Why Innovative Learning Environments? Stories from three schools that helped establish an ongoing space and pedagogy agenda
Source TitleSchool Space and Its Occupation Conceptualising and Evaluating Innovative Learning Environments
PublisherBrill - Sense
University of Melbourne Author/sCleveland, Benjamin
AffiliationArchitecture, Building and Planning
CitationsCleveland, B, Why Innovative Learning Environments? Stories from three schools that helped establish an ongoing space and pedagogy agenda, School Space and Its Occupation Conceptualising and Evaluating Innovative Learning Environments, 2018, 1, pp. 39 - 65
Access StatusOpen Access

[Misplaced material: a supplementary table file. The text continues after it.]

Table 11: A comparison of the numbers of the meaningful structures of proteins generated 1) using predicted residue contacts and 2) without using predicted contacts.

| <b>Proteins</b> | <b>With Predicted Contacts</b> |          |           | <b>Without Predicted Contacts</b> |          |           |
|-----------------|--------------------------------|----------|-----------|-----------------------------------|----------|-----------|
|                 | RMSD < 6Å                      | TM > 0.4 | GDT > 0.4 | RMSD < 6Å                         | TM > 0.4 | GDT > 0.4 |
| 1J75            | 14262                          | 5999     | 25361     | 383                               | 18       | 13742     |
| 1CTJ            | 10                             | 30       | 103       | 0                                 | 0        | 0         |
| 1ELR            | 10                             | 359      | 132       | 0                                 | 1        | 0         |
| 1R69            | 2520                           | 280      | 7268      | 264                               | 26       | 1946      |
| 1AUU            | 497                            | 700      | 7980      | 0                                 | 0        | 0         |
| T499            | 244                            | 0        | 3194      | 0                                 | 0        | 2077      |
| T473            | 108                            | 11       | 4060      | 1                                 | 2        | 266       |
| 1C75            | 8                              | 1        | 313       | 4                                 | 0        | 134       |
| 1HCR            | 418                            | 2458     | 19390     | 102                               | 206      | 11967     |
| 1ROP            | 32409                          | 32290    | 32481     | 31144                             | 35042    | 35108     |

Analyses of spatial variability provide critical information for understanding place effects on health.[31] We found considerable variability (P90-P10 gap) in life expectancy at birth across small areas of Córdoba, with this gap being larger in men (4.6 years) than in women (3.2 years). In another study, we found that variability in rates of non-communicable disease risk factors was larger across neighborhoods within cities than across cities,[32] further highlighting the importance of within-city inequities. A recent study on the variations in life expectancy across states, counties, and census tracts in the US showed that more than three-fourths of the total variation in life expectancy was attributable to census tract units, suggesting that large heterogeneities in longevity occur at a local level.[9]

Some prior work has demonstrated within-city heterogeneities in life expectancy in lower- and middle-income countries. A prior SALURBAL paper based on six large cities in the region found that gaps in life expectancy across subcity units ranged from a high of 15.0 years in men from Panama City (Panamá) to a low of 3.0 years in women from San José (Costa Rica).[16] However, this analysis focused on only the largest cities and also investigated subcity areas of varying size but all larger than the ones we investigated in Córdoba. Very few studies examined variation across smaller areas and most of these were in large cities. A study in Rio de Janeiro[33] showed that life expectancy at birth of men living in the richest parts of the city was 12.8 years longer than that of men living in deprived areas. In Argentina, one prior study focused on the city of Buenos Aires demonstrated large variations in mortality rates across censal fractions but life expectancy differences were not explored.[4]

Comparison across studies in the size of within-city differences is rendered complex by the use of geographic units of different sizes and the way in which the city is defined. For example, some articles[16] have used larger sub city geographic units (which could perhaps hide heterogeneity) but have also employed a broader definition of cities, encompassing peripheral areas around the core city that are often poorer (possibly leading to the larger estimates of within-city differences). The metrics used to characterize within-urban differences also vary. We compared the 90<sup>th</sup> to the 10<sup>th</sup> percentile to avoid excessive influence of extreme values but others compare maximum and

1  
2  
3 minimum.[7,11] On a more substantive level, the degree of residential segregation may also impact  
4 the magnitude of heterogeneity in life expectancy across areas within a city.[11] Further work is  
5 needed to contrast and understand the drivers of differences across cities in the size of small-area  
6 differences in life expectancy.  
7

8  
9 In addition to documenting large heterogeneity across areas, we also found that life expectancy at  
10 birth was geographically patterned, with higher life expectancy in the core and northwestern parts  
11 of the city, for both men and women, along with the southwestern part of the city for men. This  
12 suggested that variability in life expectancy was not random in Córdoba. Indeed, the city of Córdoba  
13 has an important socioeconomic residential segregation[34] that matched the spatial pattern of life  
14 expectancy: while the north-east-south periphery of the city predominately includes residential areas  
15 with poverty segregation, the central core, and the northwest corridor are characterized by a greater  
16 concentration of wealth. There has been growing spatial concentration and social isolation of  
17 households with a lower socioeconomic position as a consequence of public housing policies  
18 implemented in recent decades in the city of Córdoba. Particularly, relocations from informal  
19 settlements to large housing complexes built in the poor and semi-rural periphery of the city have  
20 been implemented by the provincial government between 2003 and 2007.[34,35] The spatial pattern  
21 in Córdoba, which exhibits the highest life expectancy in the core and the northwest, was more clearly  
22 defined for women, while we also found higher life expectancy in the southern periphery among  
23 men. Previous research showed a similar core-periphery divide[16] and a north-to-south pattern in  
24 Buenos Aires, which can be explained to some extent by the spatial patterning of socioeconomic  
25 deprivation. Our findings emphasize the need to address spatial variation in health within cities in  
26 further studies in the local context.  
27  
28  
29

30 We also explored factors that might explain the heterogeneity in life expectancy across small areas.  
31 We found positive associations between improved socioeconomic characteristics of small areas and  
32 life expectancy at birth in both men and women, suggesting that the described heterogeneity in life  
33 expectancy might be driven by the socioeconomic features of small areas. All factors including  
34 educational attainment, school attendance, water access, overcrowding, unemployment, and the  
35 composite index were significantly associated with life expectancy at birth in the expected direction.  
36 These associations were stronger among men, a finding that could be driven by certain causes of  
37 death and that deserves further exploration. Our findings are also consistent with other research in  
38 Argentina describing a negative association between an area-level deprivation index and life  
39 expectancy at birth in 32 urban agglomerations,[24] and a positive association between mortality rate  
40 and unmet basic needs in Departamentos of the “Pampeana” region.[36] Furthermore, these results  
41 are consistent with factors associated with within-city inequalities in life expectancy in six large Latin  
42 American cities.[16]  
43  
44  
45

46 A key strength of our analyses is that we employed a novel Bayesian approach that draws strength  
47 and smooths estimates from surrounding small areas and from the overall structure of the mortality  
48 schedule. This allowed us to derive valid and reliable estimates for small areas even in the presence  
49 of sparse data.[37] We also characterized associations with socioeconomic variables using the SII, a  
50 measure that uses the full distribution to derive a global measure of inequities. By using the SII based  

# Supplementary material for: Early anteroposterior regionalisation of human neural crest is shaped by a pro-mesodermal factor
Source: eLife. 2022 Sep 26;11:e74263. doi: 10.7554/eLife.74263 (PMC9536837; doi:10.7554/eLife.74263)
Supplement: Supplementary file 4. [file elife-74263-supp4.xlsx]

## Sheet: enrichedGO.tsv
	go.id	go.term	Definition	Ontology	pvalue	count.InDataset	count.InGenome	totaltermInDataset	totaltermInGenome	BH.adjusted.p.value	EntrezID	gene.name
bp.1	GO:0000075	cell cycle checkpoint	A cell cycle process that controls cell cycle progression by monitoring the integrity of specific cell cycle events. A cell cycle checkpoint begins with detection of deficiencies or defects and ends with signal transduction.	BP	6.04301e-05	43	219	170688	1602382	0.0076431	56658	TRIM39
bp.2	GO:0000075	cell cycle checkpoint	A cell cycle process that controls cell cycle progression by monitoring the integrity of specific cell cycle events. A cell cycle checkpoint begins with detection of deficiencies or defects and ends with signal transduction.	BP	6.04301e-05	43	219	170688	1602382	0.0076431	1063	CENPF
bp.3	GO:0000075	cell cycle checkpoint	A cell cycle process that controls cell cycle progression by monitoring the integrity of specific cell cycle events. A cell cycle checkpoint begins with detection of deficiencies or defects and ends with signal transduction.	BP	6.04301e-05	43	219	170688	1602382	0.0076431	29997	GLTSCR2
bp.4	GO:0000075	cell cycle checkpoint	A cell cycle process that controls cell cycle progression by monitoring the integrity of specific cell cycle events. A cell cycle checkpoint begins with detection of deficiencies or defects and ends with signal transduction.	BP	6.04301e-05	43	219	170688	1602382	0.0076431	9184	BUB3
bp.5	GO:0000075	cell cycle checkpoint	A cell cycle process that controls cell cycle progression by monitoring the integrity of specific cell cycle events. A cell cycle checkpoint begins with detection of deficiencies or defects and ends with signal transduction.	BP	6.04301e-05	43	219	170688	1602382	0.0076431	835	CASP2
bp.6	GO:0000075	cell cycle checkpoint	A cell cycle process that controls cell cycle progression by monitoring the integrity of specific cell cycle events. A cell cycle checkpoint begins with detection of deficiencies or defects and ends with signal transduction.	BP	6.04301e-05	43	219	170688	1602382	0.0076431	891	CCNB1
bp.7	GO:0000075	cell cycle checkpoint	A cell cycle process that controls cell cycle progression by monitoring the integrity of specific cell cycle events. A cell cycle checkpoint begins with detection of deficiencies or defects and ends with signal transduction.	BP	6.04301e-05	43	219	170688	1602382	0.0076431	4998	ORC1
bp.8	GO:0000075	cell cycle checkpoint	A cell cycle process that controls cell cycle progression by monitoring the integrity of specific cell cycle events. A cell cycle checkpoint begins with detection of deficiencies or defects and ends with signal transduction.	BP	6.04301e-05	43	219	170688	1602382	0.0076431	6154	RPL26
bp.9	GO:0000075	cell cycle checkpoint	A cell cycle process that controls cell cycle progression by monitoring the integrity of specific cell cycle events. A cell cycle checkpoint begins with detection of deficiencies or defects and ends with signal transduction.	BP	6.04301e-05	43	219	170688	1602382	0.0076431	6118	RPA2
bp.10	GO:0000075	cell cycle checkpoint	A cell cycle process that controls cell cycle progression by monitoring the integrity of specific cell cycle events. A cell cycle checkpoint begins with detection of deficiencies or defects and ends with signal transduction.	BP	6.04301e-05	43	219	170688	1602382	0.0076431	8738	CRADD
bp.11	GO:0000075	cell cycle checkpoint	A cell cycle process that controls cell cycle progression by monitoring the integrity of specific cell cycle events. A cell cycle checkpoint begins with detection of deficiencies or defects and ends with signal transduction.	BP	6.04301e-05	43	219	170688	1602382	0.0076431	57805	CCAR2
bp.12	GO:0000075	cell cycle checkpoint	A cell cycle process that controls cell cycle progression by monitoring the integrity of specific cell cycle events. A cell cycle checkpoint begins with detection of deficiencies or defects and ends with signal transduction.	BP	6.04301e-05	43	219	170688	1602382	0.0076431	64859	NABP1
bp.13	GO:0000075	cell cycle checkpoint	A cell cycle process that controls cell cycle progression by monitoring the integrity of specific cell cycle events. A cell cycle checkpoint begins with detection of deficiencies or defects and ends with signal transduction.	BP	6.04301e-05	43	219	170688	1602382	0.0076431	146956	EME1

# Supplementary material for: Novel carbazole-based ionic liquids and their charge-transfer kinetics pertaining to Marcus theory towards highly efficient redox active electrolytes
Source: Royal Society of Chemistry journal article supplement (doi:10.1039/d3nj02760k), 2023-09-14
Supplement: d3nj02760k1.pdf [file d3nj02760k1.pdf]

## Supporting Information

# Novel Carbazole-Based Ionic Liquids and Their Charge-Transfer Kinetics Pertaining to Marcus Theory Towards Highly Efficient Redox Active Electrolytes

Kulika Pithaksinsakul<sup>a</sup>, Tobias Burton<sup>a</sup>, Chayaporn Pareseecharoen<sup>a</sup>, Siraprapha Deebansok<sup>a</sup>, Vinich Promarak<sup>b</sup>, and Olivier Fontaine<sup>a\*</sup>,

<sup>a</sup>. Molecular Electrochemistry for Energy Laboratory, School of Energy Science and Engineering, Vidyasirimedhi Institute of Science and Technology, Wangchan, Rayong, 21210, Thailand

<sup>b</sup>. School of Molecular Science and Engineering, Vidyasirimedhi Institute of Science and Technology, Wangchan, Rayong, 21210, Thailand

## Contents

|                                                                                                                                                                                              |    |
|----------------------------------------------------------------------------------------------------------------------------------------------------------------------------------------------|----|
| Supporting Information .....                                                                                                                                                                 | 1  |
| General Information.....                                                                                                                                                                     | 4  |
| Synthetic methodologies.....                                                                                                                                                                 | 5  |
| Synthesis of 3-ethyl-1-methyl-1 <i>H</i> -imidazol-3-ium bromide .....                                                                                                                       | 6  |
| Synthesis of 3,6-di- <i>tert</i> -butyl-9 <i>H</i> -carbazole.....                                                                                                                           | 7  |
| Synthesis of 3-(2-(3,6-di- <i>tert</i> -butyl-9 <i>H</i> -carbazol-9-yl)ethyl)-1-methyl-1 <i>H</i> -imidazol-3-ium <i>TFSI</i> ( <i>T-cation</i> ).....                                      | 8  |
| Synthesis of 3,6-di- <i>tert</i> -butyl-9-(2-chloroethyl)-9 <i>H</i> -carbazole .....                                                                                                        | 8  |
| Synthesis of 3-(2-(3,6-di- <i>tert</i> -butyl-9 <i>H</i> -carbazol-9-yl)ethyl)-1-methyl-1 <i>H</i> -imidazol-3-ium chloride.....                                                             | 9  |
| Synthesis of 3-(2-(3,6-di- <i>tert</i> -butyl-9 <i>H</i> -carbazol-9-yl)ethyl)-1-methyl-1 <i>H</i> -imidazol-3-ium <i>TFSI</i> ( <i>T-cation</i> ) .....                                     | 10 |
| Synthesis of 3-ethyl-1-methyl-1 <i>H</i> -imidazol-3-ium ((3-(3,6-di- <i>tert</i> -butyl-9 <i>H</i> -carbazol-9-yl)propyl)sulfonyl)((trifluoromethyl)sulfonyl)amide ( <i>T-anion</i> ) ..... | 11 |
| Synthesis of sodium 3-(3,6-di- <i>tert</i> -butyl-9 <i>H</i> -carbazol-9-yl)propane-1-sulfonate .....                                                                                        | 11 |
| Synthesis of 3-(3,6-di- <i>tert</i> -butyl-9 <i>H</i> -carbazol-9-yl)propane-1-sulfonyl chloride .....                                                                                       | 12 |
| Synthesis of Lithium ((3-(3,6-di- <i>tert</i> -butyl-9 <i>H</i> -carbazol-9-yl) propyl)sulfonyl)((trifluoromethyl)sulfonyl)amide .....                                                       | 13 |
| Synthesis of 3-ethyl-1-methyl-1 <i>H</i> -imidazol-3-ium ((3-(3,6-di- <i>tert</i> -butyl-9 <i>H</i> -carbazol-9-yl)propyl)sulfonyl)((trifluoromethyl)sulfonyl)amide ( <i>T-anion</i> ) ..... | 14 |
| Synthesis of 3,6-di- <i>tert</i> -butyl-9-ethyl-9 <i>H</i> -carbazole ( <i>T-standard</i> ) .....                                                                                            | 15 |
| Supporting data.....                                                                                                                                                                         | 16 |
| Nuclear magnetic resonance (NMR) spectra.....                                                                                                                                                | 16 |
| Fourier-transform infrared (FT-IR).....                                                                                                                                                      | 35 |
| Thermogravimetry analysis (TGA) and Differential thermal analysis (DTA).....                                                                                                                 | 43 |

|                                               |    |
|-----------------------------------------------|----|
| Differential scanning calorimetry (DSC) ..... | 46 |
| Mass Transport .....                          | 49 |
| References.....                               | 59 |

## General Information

The research reported in this chapter was conducted to address a seemingly simple question: How are contemporary middle years (Years 5-9) pedagogies influencing the design of physical learning environments? What the study uncovered was a deep spatio-pedagogical conversation about historical misalignments between middle years pedagogies and largely isolated and dissociated classrooms, and the desire to create new and innovative learning environments to better accommodate the practices, activities and behaviours of contemporary teaching and learning. During the period between 2008-2011, school leaders identified tensions between traditional classroom spaces fitted only with tables and chairs and the pedagogical objectives and intensions of leading middle years educators, such as those outlined in the Middle Years Research and Development (MYRAD) Project (DEET, 2002, p. web): – Strengthening teacher-student relationships; – Involving students in decision-making about content, process and assessment; – Presenting authentic tasks that require complex thought and allowing time for exploration; – Inclusion of processes involving co-operation, communication, negotiation and social competencies generally; and – Providing for individual differences in interest, achievement and learning styles. Undertaken as a PhD study titled Engaging spaces: Innovative learning environments, pedagogies and student engagement in the middle years of school (Cleveland, 2011), the research investigated the emergence of ‘space’ as a factor in re-thinking how schools might operate, how teachers might teach, and most importantly how students might learn. The project was embedded within an Australian Research Council Linkage project titled Smart Green Schools and was situated in three schools in Melbourne, Victoria, Australia. To report on a) why the three participating schools wished to create more innovative learning environments for their middle years’ students, b) how they went about creating these environments, and c) what characterised the learning environments they created, this chapter is divided into three main sections: – Drivers for change; – Design process; and – Architectural responses. These sections are preceded by a short discussion of critical pedagogy (Freire, 1970; 1973: Giroux 1985; Apple, 1995; McLaren, 1998; 2007; Giroux & Schmidt, 2004), the theoretical framework that informed the analysis of the field-data and supported discussion in this chapter. This conceptual tool was employed to analyse and discuss the motivations, objectives and intentions of the schools’ leaders and explore the ideological, sociological, pedagogical and spatial implications of their educational aspirations. As a qualitative multiple case study (see Research Design), the findings presented have been aggregated from across the three schools. Quotes extracted from interviews have been included to support the claims made and to ensure that the voices of the study’s co-researchers/participants were portrayed. On occasion, specific sites are referred to by pseudonyms to illustrate particular phenomenon. The schools that took part in the study were selected due to their involvement in ‘space and pedagogy projects’ i.e. projects that dealt with the development of innovative learning environments for contemporary pedagogies. The individuals who drove these projects were largely the school leaders – principals, associate principals, assistant principals and leading teachers. The findings that are presented and discussed were mostly derived from a series of interviews with these influential people. To a lesser extent, the perspectives of the teachers and students who took part in these projects are also represented. Of course, school communities do not act in isolation to imagine and deliver new ‘socio-spatial contexts for learning’. Architects, interior designers, landscape architects, education consultants, members of school council and parents are all instrumental in driving projects such as these forward. I chose to focus on the perspectives and opinions of school leaders, teachers and students in order to portray the voices of those most likely to be directly affected by changes to learning environments and pedagogies.
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